Peter Tatchell: Civil partnerships were a form of legal segregation and are still unequal
Rights campaigner Peter Tatchell has called for reform to civil partnership laws, as the UK marks the tenth anniversary of the change.
Civil partnerships, introduced by Tony Blair’s Labour government, allowed same-sex couples to register their unions through a system kept entirely separate from marriage. The first couples did so ten years ago today.
The system was designed so that civil partnerships would only be open to same-sex couples, and marriage only open to opposite-sex couples – though same-sex marriages eventually began nine years later, in 2014.
The UK government and Scottish government have both consulted on the potential future of civil partnerships – but are unable to reach a consensus on a plan of action.
Campaigners including Peter Tatchell continue to call for them to be opened up to heterosexual couples as a civil alternative to marriage.
Mr Tatchell explains: “Civil partnerships were an important, valuable advance in 2005. For the first time in UK law, same-sex couples were able to secure legal recognition and rights.
“But civil partnerships were never about equality. They were a form of legal segregation to avoid having to concede the demand for equal marriage.
“Civil partnerships still embody inequality. They enshrine pension inheritance discrimination.
“In the event of a civil partner dying, the surviving partner does not have the same right as a married heterosexual person to inherit their deceased partner’s full pension. This can leave them much worse off financially.”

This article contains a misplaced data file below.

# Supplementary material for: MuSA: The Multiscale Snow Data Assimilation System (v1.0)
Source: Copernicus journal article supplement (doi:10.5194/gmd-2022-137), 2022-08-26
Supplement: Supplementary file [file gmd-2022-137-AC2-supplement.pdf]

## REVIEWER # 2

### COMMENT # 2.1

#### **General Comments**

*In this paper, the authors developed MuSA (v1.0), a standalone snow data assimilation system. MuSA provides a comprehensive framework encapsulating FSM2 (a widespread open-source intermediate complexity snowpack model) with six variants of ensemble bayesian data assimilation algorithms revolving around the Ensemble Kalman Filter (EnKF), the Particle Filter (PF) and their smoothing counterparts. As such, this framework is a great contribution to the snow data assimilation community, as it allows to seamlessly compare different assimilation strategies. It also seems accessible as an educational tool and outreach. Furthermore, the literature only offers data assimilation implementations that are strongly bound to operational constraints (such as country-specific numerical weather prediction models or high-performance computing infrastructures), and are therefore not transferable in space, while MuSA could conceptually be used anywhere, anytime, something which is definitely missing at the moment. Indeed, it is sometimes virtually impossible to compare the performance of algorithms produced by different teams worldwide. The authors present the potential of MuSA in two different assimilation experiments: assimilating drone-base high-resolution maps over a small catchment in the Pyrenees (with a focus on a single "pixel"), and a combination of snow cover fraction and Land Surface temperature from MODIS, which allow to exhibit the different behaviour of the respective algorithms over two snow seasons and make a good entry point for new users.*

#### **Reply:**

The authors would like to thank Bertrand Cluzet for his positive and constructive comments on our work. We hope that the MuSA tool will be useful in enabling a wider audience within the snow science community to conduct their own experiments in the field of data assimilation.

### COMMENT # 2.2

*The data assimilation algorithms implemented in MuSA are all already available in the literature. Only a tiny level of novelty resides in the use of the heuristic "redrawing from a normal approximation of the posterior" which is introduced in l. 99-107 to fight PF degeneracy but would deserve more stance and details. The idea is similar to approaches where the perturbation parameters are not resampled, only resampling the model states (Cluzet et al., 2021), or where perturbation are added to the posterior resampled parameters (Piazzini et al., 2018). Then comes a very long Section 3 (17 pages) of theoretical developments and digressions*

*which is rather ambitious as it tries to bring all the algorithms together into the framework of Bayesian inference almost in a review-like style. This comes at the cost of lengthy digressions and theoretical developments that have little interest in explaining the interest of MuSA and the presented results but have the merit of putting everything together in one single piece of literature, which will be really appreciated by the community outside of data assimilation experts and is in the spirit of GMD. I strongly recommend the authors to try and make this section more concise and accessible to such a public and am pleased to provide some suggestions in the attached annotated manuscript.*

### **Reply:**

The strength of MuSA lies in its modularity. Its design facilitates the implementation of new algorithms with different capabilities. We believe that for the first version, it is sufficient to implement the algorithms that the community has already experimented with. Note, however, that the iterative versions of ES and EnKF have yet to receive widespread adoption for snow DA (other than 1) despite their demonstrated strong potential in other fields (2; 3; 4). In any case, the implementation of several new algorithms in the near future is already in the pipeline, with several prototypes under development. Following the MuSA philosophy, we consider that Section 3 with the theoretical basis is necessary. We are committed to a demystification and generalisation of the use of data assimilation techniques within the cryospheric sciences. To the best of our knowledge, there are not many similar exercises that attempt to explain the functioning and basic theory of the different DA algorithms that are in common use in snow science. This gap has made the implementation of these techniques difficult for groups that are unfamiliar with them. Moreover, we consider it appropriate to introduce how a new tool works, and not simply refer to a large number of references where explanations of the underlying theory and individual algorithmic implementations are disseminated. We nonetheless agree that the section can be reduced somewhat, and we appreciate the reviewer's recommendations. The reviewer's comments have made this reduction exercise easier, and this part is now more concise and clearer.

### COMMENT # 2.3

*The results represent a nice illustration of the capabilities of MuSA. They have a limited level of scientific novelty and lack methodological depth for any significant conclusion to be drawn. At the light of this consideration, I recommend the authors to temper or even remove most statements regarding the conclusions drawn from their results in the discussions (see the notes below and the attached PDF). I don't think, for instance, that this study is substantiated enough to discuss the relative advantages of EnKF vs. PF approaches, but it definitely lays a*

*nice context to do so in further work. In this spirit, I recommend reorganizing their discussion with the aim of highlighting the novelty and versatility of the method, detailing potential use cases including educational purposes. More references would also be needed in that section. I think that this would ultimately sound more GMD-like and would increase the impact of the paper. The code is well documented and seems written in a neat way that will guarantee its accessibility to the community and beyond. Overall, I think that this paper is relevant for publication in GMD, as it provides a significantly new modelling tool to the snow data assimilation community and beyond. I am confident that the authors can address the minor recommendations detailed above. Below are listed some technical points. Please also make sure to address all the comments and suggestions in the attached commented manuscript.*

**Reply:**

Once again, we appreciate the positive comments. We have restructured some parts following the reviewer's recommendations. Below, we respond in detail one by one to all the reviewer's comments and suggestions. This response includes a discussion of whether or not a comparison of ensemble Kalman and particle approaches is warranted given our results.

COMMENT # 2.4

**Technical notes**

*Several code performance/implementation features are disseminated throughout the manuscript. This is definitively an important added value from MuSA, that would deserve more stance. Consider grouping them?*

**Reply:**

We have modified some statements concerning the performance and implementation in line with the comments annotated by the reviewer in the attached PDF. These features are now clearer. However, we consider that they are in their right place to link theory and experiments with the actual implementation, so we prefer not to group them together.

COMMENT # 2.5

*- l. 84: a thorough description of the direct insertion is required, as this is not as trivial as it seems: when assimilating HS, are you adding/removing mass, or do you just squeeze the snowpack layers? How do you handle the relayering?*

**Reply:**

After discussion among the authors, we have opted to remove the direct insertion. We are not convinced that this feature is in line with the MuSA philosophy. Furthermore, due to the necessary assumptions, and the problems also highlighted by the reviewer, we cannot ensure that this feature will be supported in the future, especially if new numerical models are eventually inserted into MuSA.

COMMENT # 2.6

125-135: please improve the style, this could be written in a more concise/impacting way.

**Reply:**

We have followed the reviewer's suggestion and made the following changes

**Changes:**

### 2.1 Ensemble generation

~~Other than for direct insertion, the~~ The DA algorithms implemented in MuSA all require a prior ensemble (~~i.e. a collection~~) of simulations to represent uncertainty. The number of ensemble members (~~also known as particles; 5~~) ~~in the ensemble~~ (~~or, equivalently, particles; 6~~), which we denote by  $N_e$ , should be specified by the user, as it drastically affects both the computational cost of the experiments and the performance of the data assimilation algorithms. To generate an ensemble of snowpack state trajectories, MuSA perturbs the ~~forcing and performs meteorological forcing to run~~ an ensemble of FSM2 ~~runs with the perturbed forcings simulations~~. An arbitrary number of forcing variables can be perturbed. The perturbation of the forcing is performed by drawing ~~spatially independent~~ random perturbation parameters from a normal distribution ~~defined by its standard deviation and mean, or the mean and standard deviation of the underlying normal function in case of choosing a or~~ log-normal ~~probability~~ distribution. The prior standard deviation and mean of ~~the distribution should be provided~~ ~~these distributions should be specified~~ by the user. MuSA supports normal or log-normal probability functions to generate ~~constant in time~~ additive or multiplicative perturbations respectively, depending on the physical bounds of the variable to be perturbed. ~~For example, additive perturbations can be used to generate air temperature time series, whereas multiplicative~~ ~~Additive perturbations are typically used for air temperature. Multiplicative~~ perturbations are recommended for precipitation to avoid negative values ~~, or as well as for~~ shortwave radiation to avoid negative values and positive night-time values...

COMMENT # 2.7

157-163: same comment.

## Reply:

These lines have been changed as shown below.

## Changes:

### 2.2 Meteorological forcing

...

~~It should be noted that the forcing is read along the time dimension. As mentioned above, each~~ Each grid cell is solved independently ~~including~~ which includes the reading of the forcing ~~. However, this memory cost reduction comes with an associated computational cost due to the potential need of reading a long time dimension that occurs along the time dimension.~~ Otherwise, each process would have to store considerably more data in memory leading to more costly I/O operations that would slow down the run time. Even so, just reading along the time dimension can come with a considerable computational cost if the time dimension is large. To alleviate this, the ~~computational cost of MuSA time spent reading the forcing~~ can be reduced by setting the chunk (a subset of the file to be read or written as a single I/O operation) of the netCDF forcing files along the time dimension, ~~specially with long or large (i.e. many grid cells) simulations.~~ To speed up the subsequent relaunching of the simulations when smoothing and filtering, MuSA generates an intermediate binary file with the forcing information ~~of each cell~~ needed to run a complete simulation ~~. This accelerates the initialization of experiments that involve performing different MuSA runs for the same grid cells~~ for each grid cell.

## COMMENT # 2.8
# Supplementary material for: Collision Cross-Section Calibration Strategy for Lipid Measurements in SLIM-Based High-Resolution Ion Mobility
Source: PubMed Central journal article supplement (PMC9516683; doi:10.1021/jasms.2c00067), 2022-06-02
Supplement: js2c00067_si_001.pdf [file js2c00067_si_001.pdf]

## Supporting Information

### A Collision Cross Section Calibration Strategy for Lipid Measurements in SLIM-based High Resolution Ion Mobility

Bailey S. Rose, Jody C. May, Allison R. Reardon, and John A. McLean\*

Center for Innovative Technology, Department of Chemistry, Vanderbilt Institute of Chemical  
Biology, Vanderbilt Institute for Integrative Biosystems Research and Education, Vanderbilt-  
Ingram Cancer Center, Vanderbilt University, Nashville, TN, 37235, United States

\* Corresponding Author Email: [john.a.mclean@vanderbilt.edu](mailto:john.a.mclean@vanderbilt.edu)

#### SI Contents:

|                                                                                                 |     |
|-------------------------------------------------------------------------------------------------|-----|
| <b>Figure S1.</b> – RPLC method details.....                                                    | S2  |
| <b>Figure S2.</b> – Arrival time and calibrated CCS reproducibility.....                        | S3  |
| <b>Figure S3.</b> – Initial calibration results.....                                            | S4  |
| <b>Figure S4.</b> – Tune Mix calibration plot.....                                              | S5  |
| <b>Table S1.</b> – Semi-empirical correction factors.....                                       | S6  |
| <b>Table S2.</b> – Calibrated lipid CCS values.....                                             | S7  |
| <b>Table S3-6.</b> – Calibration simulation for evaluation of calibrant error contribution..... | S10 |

He continued: “The current law discriminates by banning opposite-sex couples from having a civil partnership. If heterosexuals want a civil partnership, the law should not deny them that choice.
“In a democratic society, we should all be equal before the law.
“The irony is that same-sex couples now have two options, civil marriage and civil partnership; whereas opposite-sex couples have only one option, marriage. That’s neither fair nor right.
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”Some heterosexual and gay couples prefer civil partnerships because they don’t like the sexist, patriarchal history of marriage and the language of husband and wife.
“They see civil partnerships as more modern and egalitarian, without the negative traditions and connotations of matrimony. If opposite-sex couples want a civil partnership, why not?”
The law itself faces an uncertain future, as the number of new registered partnerships has collapsed following the introduction of same-sex marriage, and many existing civil partners have opted to convert.
Some have suggested the law be ‘grandfathered’ or phased out over time – closing off partnerships to new couples as interest naturally declines.
However, Mr Tatchell insists the law should stay in force, for as long as couples desire an alternative to marriage.
He said: “The retention of civil partnerships and their opening up to mixed-sex couples had overwhelming support in the government’s major public consultation in 2012.
“They should remain and be inclusive to cater for the many couples – LGBTI and straight – who object to the heterosexist, patriarchal history and traditions of marriage.
“Even if only a minority of couples want a civil partnership, this alternative option should be available to them.”